Nightingale Courts across England and Wales are being kept open for another year to reduce waiting times and deliver swift justice for victims.
- 24 temporary Nightingale courtrooms will continue hearing cases in 2023
- Latest investment to help reduce delays for victims
- Crown Court backlog dropping by hundreds of cases each month
A total of 24 temporary courtrooms, which were set up to boost capacity during the pandemic, will remain open in 2023 to allow more cases to be heard.
The government is investing £477 million over next three years to tackle the Crown Court backlog which significantly increased because of the pandemic. This includes allowing courts to run at full capacity, doubling the sentencing powers of Magistrates, and recruiting even more judges.
The number of cases in the backlog fell by almost 800 cases in the last 2 months of 2022, after barristers ended strike action.
Deputy Prime Minister, Lord Chancellor and Secretary of State for Justice, Dominic Raab, said:
“We are determined to provide the swift justice that victims deserve, and Nightingale courts have a vital role to play as our justice system continues to recover from the unprecedented impact of the pandemic and last year’s strike action.
“The Crown Court backlog is now falling once again, and the continued use of these courtrooms will help to drive it down even further.”
Nightingale courts were introduced in 2020 when buildings such as sports arenas, hotels, and conference centres were rapidly transformed into courtrooms to provide more space for jury trials in line with social distancing restrictions. Following their success, the use of temporary courtrooms has continued to provide additional capacity.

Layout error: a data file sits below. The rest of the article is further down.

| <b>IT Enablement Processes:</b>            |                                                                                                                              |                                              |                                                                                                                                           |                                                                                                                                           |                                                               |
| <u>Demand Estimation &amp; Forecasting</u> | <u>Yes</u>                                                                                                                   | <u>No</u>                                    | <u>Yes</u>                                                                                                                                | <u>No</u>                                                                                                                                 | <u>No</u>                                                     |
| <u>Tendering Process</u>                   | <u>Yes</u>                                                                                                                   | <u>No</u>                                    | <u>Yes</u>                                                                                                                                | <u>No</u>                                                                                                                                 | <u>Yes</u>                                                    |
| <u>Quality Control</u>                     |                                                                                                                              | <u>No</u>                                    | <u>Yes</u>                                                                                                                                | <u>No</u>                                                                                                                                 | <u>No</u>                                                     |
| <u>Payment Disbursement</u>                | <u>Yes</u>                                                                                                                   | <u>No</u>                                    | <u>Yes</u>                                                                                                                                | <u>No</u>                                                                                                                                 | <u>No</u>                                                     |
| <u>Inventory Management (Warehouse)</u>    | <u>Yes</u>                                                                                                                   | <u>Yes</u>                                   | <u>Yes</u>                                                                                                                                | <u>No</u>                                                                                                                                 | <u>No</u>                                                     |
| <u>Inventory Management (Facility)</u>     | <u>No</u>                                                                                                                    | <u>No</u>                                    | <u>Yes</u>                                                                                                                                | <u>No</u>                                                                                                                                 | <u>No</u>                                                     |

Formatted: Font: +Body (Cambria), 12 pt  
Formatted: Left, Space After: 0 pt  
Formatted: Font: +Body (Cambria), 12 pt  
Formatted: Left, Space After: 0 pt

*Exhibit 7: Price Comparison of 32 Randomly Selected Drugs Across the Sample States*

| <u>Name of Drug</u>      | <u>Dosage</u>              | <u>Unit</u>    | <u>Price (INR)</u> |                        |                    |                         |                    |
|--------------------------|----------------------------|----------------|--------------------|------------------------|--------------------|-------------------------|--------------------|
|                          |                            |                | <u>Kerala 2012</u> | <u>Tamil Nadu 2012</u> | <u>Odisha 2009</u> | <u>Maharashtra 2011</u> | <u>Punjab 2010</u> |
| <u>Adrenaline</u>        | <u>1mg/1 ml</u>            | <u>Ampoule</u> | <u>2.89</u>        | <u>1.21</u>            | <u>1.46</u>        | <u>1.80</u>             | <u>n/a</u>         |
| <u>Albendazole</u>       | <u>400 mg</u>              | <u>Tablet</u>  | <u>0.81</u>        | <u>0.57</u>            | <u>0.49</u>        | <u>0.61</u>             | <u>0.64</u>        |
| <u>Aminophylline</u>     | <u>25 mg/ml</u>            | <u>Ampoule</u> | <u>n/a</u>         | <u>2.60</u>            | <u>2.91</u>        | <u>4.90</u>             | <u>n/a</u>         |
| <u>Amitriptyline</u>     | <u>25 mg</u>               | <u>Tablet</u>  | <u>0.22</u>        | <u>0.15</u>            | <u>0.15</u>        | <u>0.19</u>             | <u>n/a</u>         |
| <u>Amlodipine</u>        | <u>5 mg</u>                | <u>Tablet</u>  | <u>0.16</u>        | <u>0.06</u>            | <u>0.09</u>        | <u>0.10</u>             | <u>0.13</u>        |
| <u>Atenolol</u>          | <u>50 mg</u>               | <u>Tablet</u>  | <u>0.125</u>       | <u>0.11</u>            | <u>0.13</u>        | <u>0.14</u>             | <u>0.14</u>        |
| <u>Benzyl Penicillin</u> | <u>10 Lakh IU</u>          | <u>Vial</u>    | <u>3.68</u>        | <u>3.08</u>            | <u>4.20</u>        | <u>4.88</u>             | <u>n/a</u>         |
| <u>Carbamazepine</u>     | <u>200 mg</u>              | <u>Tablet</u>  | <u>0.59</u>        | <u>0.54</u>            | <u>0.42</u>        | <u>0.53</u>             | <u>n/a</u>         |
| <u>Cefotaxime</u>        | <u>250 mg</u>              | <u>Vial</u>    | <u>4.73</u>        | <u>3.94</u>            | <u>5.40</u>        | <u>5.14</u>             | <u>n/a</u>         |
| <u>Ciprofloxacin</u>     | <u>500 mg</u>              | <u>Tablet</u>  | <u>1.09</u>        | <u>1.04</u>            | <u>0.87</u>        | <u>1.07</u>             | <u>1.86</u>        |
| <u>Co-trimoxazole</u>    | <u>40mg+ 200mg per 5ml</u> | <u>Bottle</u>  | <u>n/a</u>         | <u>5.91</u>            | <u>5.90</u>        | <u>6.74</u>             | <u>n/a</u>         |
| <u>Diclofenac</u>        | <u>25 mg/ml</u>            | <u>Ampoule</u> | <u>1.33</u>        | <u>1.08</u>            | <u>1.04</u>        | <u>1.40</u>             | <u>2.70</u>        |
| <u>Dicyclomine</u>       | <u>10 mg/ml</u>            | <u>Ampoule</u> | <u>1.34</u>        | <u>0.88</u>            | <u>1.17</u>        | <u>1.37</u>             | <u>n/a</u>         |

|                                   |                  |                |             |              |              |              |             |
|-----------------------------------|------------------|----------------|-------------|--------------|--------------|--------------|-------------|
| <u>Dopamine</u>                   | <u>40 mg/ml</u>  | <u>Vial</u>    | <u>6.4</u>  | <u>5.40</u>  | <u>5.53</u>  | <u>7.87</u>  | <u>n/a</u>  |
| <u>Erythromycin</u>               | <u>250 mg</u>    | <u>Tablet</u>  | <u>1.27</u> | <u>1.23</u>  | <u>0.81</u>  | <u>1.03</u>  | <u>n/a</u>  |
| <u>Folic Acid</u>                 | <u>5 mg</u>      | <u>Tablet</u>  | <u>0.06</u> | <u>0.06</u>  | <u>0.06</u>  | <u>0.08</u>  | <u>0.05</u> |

Today’s (17 February 2023) announcement marks the third year of the use of Nightingale courts and comes alongside a raft of measures implemented by the Ministry of Justice to tackle the backlog court cases.
Last year, the government lifted the cap on the number of days courts can sit to help them run at maximum capacity, and doubled Magistrates’ sentencing powers so they can hear more cases, freeing up an estimated 1,700 extra days of Crown Court time each year.
Recruiting even more new judges and raising the statutory retirement age is also helping meet increased demand, estimated to retain hundreds of judges and as many as 2,000 magistrates every year.
As a result, the outstanding caseload in the Crown Court fell from a peak of around 60,900 cases during the pandemic in June 2021, to 58,200 at the end of March 2022, prior to strikes by the Criminal Bar Association when outstanding caseload rose to 62,000 in October 2022.
Outstanding cases in the Magistrates’ Court have fallen by nearly a quarter since July 2020.